The roar of machines chases away human agitation | Nagpur News
When mega-subway dwellers visit bi-level cities, they rave about the quaint charm, leisurely pace of life, wide traffic-free roads, and laid-back attitude. But bi-level cities also suck. And aspirations are high on testosterones and tend to push forward by stomping on what is right or wrong.
The guardians of Nagpur also have this ambition to put the city on par with the mega metros, in terms of infrastructure. Lo and behold Nagpur today has its own set of flyovers, metros, bridges and underpasses. Whether the city needs it or not may be up for a different debate. But as concrete as the roads that have been built are the collateral damage in terms of green spaces, green cover and soils. A city that once basked in thick foliage and open land now seems smothered under the weight of concrete pillars and traffic bottlenecks.
The iconic Kasturchand Park has been a historically significant feature of Nagpur. Beyond history and heritage, the land is rooted in the many cultural manifestations of the city. “Raavan dehan on the ground KP had been performing for 75 years. It was stopped when it was destined for a metro station,” says Narendra Satija, a member of Sanatan Dharam Sabha who organized the event in Dussehra.
“This land is part of the heritage of this city and the event too. We requested another venue, but we did not receive any space to continue this activity,” adds Satija, lamenting that the event was seen for free by people from all walks of life and communities.
For over 30 years, the land has also been the venue for Guru Purab celebrations by the Sikh community. “The KP could accommodate more than a lakh of langar-fed people. Parking was also not a problem. But the best part was that being in the center of the city, a lot of people from outside our community were participating and that sent a very good message,” says Onkar Singh, a member of a Gurudwara committee. “Last year we were allowed to hold this event at Mankapur Stadium but only our community members attended. We couldn’t get the others we like to host,” he adds .
Located in the heart of the city, KP looms on the horizon no matter which direction you come from. Today, it is not visible even from the top of a flyover that lands at its surrounding wall. Once the ground was buzzing with the activity of youngsters playing cricket and novice drivers practicing behind the wheel. Kite riders with cries of “woh paar” made the ground vibrate with life.
Political rallies, exhibitions and trade shows, cultural and literary mega-events occupy these spaces from time to time and citizens reclaim them once they are over. But the development of infrastructures constantly requires them. The open space of Ujwal Nagar on Wardha Road, where the city gathered during Durga Puja, is now a multi-level glass, acrylic and steel metro station. The open land near Bishop Cotton High School, surrounded by high-rise buildings, is used for exhibits for most of the year and even as a parking lot. “The ground has been used for YMCA tournaments, by cricket clubs and also by Slum Soccer for training and matches. The fees were very minimal and it was in the center of the city so easily accessible,” says Abhijeet Barse, CEO of Slum Soccer.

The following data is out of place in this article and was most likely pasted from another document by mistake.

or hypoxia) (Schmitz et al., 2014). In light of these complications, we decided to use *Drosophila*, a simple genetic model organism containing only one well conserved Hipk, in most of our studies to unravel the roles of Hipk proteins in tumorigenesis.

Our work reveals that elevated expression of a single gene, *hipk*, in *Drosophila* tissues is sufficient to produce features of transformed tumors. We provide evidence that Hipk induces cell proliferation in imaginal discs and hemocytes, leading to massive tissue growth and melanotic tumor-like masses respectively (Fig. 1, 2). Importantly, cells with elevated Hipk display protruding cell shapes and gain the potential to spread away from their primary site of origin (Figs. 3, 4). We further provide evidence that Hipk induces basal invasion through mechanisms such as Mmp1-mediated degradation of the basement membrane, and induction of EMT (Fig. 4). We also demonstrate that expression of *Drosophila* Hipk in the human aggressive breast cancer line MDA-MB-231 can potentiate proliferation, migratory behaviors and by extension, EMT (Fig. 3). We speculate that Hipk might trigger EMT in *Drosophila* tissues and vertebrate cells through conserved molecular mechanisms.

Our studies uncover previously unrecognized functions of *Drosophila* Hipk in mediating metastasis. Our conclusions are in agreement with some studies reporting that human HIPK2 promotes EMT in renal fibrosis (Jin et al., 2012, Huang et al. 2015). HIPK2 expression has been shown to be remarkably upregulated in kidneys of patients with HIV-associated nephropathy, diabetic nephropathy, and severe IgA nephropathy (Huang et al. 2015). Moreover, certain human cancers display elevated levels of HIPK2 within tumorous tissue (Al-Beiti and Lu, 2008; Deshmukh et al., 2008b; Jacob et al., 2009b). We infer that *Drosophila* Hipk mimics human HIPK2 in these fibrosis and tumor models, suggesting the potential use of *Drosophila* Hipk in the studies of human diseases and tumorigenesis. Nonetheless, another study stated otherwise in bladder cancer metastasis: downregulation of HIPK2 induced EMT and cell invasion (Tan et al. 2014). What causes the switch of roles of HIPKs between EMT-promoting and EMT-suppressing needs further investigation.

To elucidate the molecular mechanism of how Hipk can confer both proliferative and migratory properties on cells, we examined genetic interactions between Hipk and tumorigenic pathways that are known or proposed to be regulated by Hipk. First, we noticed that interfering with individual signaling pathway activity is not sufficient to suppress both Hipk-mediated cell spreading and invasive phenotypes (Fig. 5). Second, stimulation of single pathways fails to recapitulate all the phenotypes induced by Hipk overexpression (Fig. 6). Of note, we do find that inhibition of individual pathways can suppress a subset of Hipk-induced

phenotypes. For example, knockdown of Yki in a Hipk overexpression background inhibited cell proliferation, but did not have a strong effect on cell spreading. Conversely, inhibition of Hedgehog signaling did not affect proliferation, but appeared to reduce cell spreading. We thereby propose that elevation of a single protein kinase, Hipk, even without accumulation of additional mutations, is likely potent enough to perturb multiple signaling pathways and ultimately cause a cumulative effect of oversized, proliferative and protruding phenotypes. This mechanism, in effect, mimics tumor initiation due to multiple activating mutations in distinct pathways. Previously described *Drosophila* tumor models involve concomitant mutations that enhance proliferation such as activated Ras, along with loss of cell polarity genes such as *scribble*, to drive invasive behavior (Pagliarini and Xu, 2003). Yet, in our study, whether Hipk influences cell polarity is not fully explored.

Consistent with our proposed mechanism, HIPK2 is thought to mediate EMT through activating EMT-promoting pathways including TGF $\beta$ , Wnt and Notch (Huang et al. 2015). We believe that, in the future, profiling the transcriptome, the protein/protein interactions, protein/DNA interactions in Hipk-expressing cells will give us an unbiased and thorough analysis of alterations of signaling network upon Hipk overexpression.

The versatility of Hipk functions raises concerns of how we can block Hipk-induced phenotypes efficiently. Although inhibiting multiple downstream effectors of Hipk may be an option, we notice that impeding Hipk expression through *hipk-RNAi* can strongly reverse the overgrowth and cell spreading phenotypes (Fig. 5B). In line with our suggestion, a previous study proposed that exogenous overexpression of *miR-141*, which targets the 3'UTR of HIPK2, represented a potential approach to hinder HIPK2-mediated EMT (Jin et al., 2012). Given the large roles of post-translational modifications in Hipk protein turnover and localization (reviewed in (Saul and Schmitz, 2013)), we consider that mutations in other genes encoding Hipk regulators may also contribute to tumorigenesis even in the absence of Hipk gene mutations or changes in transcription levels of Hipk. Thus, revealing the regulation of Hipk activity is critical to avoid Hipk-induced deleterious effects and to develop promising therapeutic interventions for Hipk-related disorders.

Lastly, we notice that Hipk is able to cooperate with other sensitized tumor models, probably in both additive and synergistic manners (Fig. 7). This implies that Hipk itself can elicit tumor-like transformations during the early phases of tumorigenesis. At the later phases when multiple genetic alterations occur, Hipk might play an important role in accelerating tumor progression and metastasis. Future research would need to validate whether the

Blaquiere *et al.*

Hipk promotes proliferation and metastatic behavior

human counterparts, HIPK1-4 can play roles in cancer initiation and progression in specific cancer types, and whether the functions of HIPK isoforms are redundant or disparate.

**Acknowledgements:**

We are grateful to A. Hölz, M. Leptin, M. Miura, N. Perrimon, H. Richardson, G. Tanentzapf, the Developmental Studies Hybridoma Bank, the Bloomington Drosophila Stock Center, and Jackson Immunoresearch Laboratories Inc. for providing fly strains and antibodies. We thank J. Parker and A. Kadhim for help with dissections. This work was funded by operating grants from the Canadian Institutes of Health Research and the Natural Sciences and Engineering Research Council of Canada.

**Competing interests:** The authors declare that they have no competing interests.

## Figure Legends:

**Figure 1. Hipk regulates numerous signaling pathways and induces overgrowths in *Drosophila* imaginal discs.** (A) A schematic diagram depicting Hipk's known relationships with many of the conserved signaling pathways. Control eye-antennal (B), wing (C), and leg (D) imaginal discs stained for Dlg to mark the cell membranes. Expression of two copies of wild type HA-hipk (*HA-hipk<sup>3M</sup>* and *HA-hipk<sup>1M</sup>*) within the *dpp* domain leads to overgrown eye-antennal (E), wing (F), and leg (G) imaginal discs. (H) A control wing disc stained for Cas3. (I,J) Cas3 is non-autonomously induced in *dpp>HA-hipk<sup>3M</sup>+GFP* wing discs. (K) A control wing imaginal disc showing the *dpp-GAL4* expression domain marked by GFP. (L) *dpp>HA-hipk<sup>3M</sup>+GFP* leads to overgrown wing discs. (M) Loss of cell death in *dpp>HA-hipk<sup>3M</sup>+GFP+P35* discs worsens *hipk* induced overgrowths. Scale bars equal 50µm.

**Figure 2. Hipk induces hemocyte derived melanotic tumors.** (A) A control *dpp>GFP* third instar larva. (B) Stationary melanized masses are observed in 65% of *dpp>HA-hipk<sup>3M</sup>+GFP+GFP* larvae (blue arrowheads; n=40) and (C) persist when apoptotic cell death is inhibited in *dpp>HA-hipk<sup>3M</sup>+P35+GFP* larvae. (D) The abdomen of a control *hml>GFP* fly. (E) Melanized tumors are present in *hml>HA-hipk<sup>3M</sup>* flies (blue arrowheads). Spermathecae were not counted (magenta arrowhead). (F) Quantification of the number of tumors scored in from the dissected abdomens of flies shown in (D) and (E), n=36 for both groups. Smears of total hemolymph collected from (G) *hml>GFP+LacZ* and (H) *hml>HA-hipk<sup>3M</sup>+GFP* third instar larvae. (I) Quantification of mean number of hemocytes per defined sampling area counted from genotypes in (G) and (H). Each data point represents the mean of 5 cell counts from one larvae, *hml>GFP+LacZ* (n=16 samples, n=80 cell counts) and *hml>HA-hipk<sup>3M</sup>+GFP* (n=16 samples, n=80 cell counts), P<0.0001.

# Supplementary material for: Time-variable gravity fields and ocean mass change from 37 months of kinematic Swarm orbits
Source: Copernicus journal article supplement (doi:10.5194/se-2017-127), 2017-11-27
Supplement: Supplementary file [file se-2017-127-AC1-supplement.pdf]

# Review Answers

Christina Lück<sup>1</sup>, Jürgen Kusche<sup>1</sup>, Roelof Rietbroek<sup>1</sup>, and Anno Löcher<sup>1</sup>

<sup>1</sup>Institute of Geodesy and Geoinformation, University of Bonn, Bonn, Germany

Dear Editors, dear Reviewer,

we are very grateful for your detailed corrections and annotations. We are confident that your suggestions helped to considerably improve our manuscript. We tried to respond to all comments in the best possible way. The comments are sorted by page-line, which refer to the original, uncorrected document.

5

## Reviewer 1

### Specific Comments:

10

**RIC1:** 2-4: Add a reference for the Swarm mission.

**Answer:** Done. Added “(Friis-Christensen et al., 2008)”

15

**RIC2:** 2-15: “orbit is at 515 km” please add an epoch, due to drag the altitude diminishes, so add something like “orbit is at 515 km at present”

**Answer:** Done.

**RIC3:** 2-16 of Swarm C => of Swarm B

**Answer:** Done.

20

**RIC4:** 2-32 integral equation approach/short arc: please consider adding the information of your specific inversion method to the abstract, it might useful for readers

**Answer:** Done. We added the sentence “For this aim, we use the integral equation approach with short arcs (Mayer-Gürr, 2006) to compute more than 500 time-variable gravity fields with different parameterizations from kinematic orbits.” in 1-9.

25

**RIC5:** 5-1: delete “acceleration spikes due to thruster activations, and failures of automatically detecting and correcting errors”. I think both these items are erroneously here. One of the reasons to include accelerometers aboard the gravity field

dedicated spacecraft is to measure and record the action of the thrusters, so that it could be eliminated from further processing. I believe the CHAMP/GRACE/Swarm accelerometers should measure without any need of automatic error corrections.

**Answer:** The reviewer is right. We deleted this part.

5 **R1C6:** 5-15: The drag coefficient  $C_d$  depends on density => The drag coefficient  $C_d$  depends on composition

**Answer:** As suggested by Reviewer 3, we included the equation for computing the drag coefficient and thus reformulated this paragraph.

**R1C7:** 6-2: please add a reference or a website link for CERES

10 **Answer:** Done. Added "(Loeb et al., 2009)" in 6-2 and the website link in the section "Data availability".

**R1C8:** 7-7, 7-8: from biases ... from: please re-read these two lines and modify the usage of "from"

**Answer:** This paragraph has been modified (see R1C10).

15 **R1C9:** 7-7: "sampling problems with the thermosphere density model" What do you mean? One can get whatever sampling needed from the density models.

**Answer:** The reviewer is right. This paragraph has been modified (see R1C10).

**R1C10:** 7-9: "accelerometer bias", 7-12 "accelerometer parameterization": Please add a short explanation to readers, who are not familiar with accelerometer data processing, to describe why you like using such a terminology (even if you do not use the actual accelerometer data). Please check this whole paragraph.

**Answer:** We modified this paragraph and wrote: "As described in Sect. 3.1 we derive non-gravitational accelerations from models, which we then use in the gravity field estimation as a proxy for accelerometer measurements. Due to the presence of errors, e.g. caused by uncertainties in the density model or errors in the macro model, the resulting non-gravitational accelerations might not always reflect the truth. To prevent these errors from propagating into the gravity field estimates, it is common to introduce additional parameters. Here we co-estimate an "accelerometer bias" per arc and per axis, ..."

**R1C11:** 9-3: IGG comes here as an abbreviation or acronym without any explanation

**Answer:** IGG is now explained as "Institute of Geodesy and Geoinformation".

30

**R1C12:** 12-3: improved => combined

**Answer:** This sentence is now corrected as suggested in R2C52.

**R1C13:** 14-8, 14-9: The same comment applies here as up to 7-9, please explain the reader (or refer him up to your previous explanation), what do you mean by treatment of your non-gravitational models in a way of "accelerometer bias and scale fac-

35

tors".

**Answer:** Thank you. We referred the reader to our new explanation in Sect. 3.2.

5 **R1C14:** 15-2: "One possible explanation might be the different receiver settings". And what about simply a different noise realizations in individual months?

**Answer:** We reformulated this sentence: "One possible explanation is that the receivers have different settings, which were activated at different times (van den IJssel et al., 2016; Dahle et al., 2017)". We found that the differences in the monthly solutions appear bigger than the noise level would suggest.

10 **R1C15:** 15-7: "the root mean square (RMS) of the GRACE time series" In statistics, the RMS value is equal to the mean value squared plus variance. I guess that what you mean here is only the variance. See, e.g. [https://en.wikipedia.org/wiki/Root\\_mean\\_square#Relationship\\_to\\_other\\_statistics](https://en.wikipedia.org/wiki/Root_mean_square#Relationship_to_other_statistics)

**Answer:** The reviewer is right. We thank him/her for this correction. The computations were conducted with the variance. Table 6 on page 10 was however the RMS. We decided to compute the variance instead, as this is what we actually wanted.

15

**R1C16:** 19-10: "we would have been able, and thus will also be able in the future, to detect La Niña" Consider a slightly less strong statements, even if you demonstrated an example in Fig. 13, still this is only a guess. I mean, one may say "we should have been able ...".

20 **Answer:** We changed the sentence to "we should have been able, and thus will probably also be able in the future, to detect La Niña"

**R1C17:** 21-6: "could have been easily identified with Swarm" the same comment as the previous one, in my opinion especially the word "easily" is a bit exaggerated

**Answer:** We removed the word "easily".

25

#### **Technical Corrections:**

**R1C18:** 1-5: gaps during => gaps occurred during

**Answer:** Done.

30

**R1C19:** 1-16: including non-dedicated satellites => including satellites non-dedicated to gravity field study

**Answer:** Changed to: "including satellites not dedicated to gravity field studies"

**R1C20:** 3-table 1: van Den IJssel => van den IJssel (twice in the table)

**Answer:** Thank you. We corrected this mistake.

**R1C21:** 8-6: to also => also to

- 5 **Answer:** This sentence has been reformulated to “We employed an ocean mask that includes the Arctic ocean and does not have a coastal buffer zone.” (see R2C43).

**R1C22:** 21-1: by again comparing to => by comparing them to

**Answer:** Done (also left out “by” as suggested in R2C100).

Spectators, mostly passers-by, flocked to watch the teams play until a few years ago.
The ground of Deekshabhoomi which forms the leitmotif of the city now has a thick enclosing wall. The grounds host a huge congregation of Buddhists and Dalits on Dussehra day. Ironically, it is a celebration of an event where the very people who are now shunned were called into its fold.
The marginalized woman who waits all year round to eat at the langar with her family, or the hawkers who sold balloons, flutes, bow and arrow or mace during Dusshera celebrations have all been driven out. The land gave way to commercial and infrastructural demands.
There could be an argument that many gardens have sprung up across the city for recreational purposes. But these well-maintained spaces with their green gymnasiums are found in many localities and entry is also limited in terms of timings. Sagar, 13, and his group of poorly dressed friends have to jump over a wire mesh fence to play on a park lawn in a newly sprung upscale town. They are chased away as soon as a security guard spots them. They used to play on this pitch before it was landscaped by NMC. The social welfare associations in these residential neighborhoods feel they have a right to “their park”.
These gardens can never be equated with open land where one can stroll at any time to connect with nature and oneself. The open grounds have their own vibe and evolve organically. It is not just the lungs of a city, but a cultural salad bowl where all sections and strata merge on different occasions.
“Scientific studies have confirmed that outdoor recreation improves a child’s IQ by at least 30%. Erasing open spaces from a city’s landscape is tantamount to wiping out the future of a generation,” says architect Ashok Moka.
“The preservation and upkeep of open spaces should be a political call from administrators,” he said.
The development gave us a tiered flyover, the first of its kind at Wardha Road. Driving at high speed, we fly over the city and see the concrete jungle it has become. To really connect with Nagpur, one has to walk around one of the grounds.